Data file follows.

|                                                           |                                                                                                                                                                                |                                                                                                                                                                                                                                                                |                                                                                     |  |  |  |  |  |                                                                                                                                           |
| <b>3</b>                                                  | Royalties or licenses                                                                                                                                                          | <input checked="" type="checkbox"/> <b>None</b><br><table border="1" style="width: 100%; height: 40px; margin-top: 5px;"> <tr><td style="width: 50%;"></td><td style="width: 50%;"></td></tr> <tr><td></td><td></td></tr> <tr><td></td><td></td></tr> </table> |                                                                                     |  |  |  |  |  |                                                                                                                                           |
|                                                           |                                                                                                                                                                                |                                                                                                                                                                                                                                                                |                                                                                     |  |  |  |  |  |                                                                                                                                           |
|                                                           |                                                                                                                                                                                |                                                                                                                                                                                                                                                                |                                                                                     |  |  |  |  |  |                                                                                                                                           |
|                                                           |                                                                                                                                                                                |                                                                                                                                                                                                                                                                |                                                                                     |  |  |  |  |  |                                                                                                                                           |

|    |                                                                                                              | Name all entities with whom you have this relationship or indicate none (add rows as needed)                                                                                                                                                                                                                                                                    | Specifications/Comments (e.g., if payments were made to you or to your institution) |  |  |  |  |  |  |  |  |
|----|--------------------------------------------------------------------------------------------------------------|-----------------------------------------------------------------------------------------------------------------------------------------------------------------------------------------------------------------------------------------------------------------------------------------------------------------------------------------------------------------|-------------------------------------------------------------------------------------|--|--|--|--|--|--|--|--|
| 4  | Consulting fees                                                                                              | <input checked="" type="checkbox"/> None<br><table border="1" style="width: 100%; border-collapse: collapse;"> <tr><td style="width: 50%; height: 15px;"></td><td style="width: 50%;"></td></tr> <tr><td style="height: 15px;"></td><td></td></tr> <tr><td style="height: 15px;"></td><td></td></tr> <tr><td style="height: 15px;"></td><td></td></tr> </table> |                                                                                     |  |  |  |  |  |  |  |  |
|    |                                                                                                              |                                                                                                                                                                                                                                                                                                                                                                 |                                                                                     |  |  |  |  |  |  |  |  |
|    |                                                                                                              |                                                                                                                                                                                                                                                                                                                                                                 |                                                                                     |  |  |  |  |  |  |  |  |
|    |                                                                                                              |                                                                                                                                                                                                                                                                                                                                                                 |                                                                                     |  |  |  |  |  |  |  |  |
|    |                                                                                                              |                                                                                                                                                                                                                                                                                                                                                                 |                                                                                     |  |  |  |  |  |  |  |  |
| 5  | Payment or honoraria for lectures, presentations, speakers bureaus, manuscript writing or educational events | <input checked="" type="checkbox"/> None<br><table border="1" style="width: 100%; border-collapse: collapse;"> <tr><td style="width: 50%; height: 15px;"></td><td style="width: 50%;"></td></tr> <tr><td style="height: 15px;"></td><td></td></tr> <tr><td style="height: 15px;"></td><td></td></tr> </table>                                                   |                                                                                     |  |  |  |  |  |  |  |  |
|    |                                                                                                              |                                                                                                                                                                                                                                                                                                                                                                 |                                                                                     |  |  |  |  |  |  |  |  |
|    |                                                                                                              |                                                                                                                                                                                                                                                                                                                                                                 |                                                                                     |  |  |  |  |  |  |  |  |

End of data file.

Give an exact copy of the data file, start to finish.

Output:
|                                                           |                                                                                                                                                                                |                                                                                                                                                                                                                                                                |                                                                                     |  |  |  |  |  |                                                                                                                                           |
| <b>3</b>                                                  | Royalties or licenses                                                                                                                                                          | <input checked="" type="checkbox"/> <b>None</b><br><table border="1" style="width: 100%; height: 40px; margin-top: 5px;"> <tr><td style="width: 50%;"></td><td style="width: 50%;"></td></tr> <tr><td></td><td></td></tr> <tr><td></td><td></td></tr> </table> |                                                                                     |  |  |  |  |  |                                                                                                                                           |
|                                                           |                                                                                                                                                                                |                                                                                                                                                                                                                                                                |                                                                                     |  |  |  |  |  |                                                                                                                                           |
|                                                           |                                                                                                                                                                                |                                                                                                                                                                                                                                                                |                                                                                     |  |  |  |  |  |                                                                                                                                           |
|                                                           |                                                                                                                                                                                |                                                                                                                                                                                                                                                                |                                                                                     |  |  |  |  |  |                                                                                                                                           |

|    |                                                                                                              | Name all entities with whom you have this relationship or indicate none (add rows as needed)                                                                                                                                                                                                                                                                    | Specifications/Comments (e.g., if payments were made to you or to your institution) |  |  |  |  |  |  |  |  |
|----|--------------------------------------------------------------------------------------------------------------|-----------------------------------------------------------------------------------------------------------------------------------------------------------------------------------------------------------------------------------------------------------------------------------------------------------------------------------------------------------------|-------------------------------------------------------------------------------------|--|--|--|--|--|--|--|--|
| 4  | Consulting fees                                                                                              | <input checked="" type="checkbox"/> None<br><table border="1" style="width: 100%; border-collapse: collapse;"> <tr><td style="width: 50%; height: 15px;"></td><td style="width: 50%;"></td></tr> <tr><td style="height: 15px;"></td><td></td></tr> <tr><td style="height: 15px;"></td><td></td></tr> <tr><td style="height: 15px;"></td><td></td></tr> </table> |                                                                                     |  |  |  |  |  |  |  |  |
|    |                                                                                                              |                                                                                                                                                                                                                                                                                                                                                                 |                                                                                     |  |  |  |  |  |  |  |  |
|    |                                                                                                              |                                                                                                                                                                                                                                                                                                                                                                 |                                                                                     |  |  |  |  |  |  |  |  |
|    |                                                                                                              |                                                                                                                                                                                                                                                                                                                                                                 |                                                                                     |  |  |  |  |  |  |  |  |
|    |                                                                                                              |                                                                                                                                                                                                                                                                                                                                                                 |                                                                                     |  |  |  |  |  |  |  |  |
| 5  | Payment or honoraria for lectures, presentations, speakers bureaus, manuscript writing or educational events | <input checked="" type="checkbox"/> None<br><table border="1" style="width: 100%; border-collapse: collapse;"> <tr><td style="width: 50%; height: 15px;"></td><td style="width: 50%;"></td></tr> <tr><td style="height: 15px;"></td><td></td></tr> <tr><td style="height: 15px;"></td><td></td></tr> </table>                                                   |                                                                                     |  |  |  |  |  |  |  |  |
|    |                                                                                                              |                                                                                                                                                                                                                                                                                                                                                                 |                                                                                     |  |  |  |  |  |  |  |  |
|    |                                                                                                              |                                                                                                                                                                                                                                                                                                                                                                 |                                                                                     |  |  |  |  |  |  |  |  |